After watching the latest trailer, though, I think that Jurassic World has ambitions to be more than another mindless summer monster mash. Rather, I think they’re aiming for one of speculative fiction’s most important and valuable cultural functions. I’ll explain more about what I mean after the jump.

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Posted by chriswlester in Culture

Building Character: Who’s Driving This Thing?

This is the second in a periodic series about characterization in writing. Please check out my first post in the series, which looks at a character’s role in the Story Mind as expressed in the Dramatica Theory of storytelling.

A story begins when something changes the status quo.

Luke Skywalker doesn’t start becoming a hero until two droids crash on his planet. John McClane doesn’t become a terrorist-fighting cowboy cop until Hans Gruber takes hostages in an office building. Hamlet doesn’t start on his murder investigation/rampage of revenge until he gets a mysterious visit from a restless ghost. Even a feel-good romantic comedy like Sleepless in Seattle needs a trigger to set things in motion — in this case, Sam Baldwin’s son Jonah calling a late-night radio talk show.

People don’t spontaneously change their lives for no reason; an external trigger of some kind has to change the balance and push the protagonist into becoming a protagonist. Joseph Campbell called this “The Call to Adventure,” and it’s always something outside the protagonist’s control.

What really sets characters apart from one another is what they do next.

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Posted by chriswlester in Writing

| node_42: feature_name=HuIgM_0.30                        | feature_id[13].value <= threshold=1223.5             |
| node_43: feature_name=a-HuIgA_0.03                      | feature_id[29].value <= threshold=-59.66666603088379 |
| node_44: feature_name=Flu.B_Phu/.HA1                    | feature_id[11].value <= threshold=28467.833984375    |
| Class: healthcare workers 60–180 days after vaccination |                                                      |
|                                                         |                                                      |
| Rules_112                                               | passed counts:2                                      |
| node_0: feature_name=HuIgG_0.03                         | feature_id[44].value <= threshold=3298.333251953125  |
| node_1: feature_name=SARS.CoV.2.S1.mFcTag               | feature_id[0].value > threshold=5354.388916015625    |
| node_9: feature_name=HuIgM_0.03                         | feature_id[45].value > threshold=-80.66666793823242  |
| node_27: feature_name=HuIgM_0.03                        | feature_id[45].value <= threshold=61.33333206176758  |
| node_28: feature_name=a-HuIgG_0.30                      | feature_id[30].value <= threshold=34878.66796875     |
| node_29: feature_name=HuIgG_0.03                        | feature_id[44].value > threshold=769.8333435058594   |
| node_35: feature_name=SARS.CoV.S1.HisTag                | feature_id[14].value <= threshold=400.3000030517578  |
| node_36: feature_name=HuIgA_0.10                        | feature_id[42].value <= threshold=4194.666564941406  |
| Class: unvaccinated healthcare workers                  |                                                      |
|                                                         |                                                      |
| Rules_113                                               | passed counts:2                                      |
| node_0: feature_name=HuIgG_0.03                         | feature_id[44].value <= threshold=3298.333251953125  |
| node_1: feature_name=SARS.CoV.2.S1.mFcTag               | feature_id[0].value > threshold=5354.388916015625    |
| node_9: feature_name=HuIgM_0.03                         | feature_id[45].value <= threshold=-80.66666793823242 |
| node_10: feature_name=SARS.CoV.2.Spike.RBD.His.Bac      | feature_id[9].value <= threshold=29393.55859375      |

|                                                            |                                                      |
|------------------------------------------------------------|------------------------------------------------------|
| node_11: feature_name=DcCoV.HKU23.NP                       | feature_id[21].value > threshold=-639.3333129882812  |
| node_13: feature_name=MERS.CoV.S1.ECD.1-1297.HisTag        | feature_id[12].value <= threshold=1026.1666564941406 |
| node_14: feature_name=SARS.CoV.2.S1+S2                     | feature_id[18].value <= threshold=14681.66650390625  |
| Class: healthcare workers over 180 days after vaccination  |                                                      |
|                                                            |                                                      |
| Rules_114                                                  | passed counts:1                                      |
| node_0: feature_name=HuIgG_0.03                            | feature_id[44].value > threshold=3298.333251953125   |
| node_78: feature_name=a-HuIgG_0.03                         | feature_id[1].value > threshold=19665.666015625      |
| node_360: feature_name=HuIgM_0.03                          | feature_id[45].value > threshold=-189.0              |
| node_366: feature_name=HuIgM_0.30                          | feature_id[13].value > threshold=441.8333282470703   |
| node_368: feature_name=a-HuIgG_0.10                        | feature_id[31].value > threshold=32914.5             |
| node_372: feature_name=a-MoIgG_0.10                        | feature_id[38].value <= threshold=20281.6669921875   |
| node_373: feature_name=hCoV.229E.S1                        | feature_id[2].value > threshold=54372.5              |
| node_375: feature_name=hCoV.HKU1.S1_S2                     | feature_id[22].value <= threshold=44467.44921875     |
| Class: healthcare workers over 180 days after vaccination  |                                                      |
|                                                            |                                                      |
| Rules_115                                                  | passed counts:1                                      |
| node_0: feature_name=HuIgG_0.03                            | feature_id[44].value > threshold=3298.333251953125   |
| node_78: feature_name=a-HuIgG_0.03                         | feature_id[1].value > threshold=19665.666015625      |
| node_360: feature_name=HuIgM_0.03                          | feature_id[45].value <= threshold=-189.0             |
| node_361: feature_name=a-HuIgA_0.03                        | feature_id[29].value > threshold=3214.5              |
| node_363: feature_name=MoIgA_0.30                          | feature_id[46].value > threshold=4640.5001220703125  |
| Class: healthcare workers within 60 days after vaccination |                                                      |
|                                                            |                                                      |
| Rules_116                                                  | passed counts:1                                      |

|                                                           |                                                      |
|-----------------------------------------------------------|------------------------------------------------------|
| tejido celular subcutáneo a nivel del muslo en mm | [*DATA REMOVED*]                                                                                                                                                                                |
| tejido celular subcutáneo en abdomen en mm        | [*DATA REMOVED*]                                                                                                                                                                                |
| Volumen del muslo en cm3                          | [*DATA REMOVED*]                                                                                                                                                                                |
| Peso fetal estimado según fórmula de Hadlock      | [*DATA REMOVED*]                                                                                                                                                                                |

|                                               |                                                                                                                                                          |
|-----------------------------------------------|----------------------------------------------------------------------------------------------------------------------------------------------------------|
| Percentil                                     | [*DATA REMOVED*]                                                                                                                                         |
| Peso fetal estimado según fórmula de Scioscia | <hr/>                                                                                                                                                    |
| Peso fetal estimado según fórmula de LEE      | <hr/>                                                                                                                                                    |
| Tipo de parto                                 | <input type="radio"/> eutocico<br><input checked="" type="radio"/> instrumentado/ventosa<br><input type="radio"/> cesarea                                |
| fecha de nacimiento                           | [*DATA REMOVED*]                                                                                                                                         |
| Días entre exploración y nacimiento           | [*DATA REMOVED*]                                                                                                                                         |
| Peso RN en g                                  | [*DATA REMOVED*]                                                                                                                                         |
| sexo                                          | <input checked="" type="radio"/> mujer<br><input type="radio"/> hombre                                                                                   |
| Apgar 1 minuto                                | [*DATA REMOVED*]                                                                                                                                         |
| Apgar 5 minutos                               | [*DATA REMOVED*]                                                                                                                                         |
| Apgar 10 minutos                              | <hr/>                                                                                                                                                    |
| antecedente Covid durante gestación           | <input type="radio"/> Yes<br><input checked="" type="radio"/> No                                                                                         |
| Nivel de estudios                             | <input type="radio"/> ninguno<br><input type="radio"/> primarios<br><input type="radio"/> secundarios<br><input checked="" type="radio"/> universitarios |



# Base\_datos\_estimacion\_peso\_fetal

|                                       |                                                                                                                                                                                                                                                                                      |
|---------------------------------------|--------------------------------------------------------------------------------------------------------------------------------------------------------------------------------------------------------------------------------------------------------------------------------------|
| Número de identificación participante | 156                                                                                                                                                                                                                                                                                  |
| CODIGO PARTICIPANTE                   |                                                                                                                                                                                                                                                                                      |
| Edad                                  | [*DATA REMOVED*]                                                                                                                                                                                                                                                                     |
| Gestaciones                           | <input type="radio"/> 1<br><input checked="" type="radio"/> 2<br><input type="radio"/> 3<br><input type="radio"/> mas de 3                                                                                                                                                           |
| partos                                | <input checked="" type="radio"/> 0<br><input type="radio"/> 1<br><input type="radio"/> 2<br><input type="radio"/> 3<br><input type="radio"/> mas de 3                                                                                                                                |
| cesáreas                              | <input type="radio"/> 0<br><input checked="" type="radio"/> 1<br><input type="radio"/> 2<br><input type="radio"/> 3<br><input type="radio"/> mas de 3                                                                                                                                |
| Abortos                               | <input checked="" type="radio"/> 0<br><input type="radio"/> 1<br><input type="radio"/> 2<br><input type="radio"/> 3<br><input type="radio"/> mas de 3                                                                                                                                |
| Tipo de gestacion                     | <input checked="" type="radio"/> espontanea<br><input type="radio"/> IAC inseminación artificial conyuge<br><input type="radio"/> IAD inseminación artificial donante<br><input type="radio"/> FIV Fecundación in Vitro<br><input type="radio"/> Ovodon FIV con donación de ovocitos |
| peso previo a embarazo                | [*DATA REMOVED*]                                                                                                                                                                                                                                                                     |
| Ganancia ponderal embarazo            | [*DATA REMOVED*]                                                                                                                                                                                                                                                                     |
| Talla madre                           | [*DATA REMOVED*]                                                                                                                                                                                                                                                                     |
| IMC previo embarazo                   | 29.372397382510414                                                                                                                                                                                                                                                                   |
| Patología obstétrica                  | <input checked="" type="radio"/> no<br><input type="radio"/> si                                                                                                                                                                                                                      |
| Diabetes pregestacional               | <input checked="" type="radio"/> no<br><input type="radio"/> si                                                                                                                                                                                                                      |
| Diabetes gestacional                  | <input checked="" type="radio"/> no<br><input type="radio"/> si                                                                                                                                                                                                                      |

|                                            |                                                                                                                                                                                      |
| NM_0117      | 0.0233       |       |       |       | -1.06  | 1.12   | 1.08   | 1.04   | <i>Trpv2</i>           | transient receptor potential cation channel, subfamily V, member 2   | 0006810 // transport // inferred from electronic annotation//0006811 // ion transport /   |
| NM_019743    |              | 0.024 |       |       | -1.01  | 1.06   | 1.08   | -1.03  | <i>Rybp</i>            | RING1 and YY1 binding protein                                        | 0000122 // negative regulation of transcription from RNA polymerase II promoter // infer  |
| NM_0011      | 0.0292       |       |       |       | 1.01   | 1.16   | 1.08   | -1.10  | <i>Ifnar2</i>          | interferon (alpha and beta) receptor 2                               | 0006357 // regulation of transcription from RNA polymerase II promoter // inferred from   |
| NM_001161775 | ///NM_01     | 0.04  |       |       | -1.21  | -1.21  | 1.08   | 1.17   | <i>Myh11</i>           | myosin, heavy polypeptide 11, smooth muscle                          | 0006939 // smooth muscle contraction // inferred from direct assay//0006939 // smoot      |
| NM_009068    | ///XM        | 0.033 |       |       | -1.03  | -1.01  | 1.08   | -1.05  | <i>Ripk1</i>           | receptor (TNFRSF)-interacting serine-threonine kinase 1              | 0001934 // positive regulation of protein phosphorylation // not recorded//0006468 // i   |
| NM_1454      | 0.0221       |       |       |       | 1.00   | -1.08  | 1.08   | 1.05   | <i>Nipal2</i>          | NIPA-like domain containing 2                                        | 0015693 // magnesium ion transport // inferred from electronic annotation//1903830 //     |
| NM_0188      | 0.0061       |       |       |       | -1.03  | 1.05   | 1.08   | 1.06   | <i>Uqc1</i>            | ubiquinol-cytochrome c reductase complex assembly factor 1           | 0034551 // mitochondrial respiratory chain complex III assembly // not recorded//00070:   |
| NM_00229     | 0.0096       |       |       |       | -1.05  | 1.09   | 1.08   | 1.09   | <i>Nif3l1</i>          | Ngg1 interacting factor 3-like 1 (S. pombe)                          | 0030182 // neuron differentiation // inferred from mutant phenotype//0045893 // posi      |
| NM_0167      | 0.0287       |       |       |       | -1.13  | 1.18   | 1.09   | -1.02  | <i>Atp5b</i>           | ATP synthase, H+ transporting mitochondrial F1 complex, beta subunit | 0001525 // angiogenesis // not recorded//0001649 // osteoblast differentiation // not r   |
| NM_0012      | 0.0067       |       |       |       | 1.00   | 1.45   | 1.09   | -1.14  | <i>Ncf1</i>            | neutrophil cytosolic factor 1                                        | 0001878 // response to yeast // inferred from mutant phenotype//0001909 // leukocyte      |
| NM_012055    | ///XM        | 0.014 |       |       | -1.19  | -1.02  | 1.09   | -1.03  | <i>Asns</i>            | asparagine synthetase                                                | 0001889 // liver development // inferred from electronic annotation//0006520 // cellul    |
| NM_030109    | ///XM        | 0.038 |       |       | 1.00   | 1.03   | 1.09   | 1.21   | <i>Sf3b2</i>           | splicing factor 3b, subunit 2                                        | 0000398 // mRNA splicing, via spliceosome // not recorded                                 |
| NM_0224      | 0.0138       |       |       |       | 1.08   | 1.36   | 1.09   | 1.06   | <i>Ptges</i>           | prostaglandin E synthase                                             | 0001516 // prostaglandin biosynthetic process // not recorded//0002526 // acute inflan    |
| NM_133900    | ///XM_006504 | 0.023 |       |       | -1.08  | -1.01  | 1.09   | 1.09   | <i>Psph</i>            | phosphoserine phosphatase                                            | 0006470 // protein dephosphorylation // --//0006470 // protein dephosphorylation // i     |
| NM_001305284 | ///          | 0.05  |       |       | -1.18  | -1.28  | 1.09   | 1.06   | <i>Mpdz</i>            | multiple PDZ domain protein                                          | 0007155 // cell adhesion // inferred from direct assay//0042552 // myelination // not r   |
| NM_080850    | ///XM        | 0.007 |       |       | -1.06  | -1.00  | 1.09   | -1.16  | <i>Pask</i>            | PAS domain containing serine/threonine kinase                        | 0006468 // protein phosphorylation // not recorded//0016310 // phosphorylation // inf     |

Landscape Journals: What’s in YOUR Noggin?

For the last few months I’ve been participating with my partner Melanie in the Montana Artrepreneur Program (MAP), a business course for artists who want to make money doing what they love. I’m attending the workshops both as Mel’s business partner in her photography career and in the hope of learning things that I can apply to my own business as a writer. There are a number of business tools that must be completed in order to finish the course, and one of these that I think is particularly valuable for writers is the Landscape Journal.

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Posted by chriswlester in Writing

Interview with Lauren “Scribe” Harris

authorPhoto_laurenScribe_harris_604x403I first met Lauren “Scribe” Harris at Balticon in (I think) 2011 or 2012. Since that time I have gotten to know her through her voice acting and her hilarious round-table discussion podcasts with Abigail Hilton. Earlier this year she became an Assistant Editor with Orson Scott Card’s Intergalactic Medicine Show, one of the most popular online magazines for speculative fiction. I sat down to talk with Lauren about her new job and her perspectives on the world of SF/F publishing. Continue reading →